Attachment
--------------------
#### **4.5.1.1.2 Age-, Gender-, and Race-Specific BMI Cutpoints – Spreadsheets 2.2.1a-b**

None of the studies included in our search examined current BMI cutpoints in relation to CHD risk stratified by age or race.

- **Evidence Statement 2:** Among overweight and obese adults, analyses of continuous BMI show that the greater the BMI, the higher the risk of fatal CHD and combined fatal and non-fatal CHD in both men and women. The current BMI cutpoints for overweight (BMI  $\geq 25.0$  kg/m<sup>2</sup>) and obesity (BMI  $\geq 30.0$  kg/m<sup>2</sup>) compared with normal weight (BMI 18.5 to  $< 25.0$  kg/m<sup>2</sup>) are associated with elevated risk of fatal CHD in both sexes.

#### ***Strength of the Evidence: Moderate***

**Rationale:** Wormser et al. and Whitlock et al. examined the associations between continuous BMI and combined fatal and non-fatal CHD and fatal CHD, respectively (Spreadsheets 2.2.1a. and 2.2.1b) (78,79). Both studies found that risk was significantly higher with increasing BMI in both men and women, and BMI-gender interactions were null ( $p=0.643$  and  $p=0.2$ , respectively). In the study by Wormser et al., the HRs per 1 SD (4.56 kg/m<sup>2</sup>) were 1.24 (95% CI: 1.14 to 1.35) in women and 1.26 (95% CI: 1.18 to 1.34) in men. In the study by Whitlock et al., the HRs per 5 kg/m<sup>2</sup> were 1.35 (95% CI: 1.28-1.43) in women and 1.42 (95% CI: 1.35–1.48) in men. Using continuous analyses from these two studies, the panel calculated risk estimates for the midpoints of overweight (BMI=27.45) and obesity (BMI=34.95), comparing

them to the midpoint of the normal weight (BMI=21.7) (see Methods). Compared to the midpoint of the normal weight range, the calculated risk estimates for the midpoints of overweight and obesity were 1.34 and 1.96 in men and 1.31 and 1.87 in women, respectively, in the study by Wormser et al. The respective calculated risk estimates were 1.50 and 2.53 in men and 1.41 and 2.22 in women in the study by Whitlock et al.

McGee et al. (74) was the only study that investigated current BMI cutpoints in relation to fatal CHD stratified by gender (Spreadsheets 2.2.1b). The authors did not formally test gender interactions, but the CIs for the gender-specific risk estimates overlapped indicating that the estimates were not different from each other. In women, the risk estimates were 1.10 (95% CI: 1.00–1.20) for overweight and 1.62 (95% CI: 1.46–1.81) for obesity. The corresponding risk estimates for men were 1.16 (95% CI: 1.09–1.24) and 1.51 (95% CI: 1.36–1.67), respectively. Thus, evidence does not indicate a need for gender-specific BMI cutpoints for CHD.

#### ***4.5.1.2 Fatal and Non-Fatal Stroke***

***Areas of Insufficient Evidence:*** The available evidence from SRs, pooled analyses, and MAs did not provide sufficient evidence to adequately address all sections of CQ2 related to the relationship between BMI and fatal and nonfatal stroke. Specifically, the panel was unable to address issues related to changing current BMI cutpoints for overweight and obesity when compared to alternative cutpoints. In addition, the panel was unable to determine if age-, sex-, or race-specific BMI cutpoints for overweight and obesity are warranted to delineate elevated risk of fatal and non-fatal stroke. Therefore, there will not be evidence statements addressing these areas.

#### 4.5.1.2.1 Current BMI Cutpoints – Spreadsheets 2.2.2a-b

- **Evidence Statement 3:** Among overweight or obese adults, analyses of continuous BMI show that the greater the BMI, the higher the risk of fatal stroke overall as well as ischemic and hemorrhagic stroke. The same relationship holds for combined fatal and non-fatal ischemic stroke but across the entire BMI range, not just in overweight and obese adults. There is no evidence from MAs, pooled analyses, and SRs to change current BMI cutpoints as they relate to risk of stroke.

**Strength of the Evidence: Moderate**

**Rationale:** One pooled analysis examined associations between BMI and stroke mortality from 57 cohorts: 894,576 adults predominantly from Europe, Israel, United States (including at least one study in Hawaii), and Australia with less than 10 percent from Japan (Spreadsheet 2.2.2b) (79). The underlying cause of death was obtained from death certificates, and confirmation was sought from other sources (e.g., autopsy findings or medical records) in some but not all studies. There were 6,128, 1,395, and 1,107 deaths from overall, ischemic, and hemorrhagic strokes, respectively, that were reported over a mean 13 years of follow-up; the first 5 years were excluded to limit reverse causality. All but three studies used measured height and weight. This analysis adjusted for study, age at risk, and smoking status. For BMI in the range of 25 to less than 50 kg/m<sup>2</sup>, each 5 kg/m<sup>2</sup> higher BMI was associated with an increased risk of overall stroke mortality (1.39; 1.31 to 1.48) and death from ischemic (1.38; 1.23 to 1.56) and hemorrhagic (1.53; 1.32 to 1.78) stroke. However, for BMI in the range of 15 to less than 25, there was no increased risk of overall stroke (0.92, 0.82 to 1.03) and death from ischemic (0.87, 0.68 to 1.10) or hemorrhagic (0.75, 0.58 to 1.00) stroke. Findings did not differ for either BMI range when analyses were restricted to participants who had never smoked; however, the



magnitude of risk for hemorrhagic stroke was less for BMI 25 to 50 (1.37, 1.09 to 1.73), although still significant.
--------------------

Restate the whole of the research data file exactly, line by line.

#### **4.5.1.1.2 Age-, Gender-, and Race-Specific BMI Cutpoints – Spreadsheets 2.2.1a-b**

None of the studies included in our search examined current BMI cutpoints in relation to CHD risk stratified by age or race.

- **Evidence Statement 2:** Among overweight and obese adults, analyses of continuous BMI show that the greater the BMI, the higher the risk of fatal CHD and combined fatal and non-fatal CHD in both men and women. The current BMI cutpoints for overweight (BMI  $\geq 25.0$  kg/m<sup>2</sup>) and obesity (BMI  $\geq 30.0$  kg/m<sup>2</sup>) compared with normal weight (BMI 18.5 to  $< 25.0$  kg/m<sup>2</sup>) are associated with elevated risk of fatal CHD in both sexes.

#### ***Strength of the Evidence: Moderate***

**Rationale:** Wormser et al. and Whitlock et al. examined the associations between continuous BMI and combined fatal and non-fatal CHD and fatal CHD, respectively (Spreadsheets 2.2.1a. and 2.2.1b) (78,79). Both studies found that risk was significantly higher with increasing BMI in both men and women, and BMI-gender interactions were null ( $p=0.643$  and  $p=0.2$ , respectively). In the study by Wormser et al., the HRs per 1 SD (4.56 kg/m<sup>2</sup>) were 1.24 (95% CI: 1.14 to 1.35) in women and 1.26 (95% CI: 1.18 to 1.34) in men. In the study by Whitlock et al., the HRs per 5 kg/m<sup>2</sup> were 1.35 (95% CI: 1.28-1.43) in women and 1.42 (95% CI: 1.35–1.48) in men. Using continuous analyses from these two studies, the panel calculated risk estimates for the midpoints of overweight (BMI=27.45) and obesity (BMI=34.95), comparing

them to the midpoint of the normal weight (BMI=21.7) (see Methods). Compared to the midpoint of the normal weight range, the calculated risk estimates for the midpoints of overweight and obesity were 1.34 and 1.96 in men and 1.31 and 1.87 in women, respectively, in the study by Wormser et al. The respective calculated risk estimates were 1.50 and 2.53 in men and 1.41 and 2.22 in women in the study by Whitlock et al.

McGee et al. (74) was the only study that investigated current BMI cutpoints in relation to fatal CHD stratified by gender (Spreadsheets 2.2.1b). The authors did not formally test gender interactions, but the CIs for the gender-specific risk estimates overlapped indicating that the estimates were not different from each other. In women, the risk estimates were 1.10 (95% CI: 1.00–1.20) for overweight and 1.62 (95% CI: 1.46–1.81) for obesity. The corresponding risk estimates for men were 1.16 (95% CI: 1.09–1.24) and 1.51 (95% CI: 1.36–1.67), respectively. Thus, evidence does not indicate a need for gender-specific BMI cutpoints for CHD.

#### ***4.5.1.2 Fatal and Non-Fatal Stroke***

***Areas of Insufficient Evidence:*** The available evidence from SRs, pooled analyses, and MAs did not provide sufficient evidence to adequately address all sections of CQ2 related to the relationship between BMI and fatal and nonfatal stroke. Specifically, the panel was unable to address issues related to changing current BMI cutpoints for overweight and obesity when compared to alternative cutpoints. In addition, the panel was unable to determine if age-, sex-, or race-specific BMI cutpoints for overweight and obesity are warranted to delineate elevated risk of fatal and non-fatal stroke. Therefore, there will not be evidence statements addressing these areas.

#### 4.5.1.2.1 Current BMI Cutpoints – Spreadsheets 2.2.2a-b

- **Evidence Statement 3:** Among overweight or obese adults, analyses of continuous BMI show that the greater the BMI, the higher the risk of fatal stroke overall as well as ischemic and hemorrhagic stroke. The same relationship holds for combined fatal and non-fatal ischemic stroke but across the entire BMI range, not just in overweight and obese adults. There is no evidence from MAs, pooled analyses, and SRs to change current BMI cutpoints as they relate to risk of stroke.

**Strength of the Evidence: Moderate**

**Rationale:** One pooled analysis examined associations between BMI and stroke mortality from 57 cohorts: 894,576 adults predominantly from Europe, Israel, United States (including at least one study in Hawaii), and Australia with less than 10 percent from Japan (Spreadsheet 2.2.2b) (79). The underlying cause of death was obtained from death certificates, and confirmation was sought from other sources (e.g., autopsy findings or medical records) in some but not all studies. There were 6,128, 1,395, and 1,107 deaths from overall, ischemic, and hemorrhagic strokes, respectively, that were reported over a mean 13 years of follow-up; the first 5 years were excluded to limit reverse causality. All but three studies used measured height and weight. This analysis adjusted for study, age at risk, and smoking status. For BMI in the range of 25 to less than 50 kg/m<sup>2</sup>, each 5 kg/m<sup>2</sup> higher BMI was associated with an increased risk of overall stroke mortality (1.39; 1.31 to 1.48) and death from ischemic (1.38; 1.23 to 1.56) and hemorrhagic (1.53; 1.32 to 1.78) stroke. However, for BMI in the range of 15 to less than 25, there was no increased risk of overall stroke (0.92, 0.82 to 1.03) and death from ischemic (0.87, 0.68 to 1.10) or hemorrhagic (0.75, 0.58 to 1.00) stroke. Findings did not differ for either BMI range when analyses were restricted to participants who had never smoked; however, the



magnitude of risk for hemorrhagic stroke was less for BMI 25 to 50 (1.37, 1.09 to 1.73), although still significant.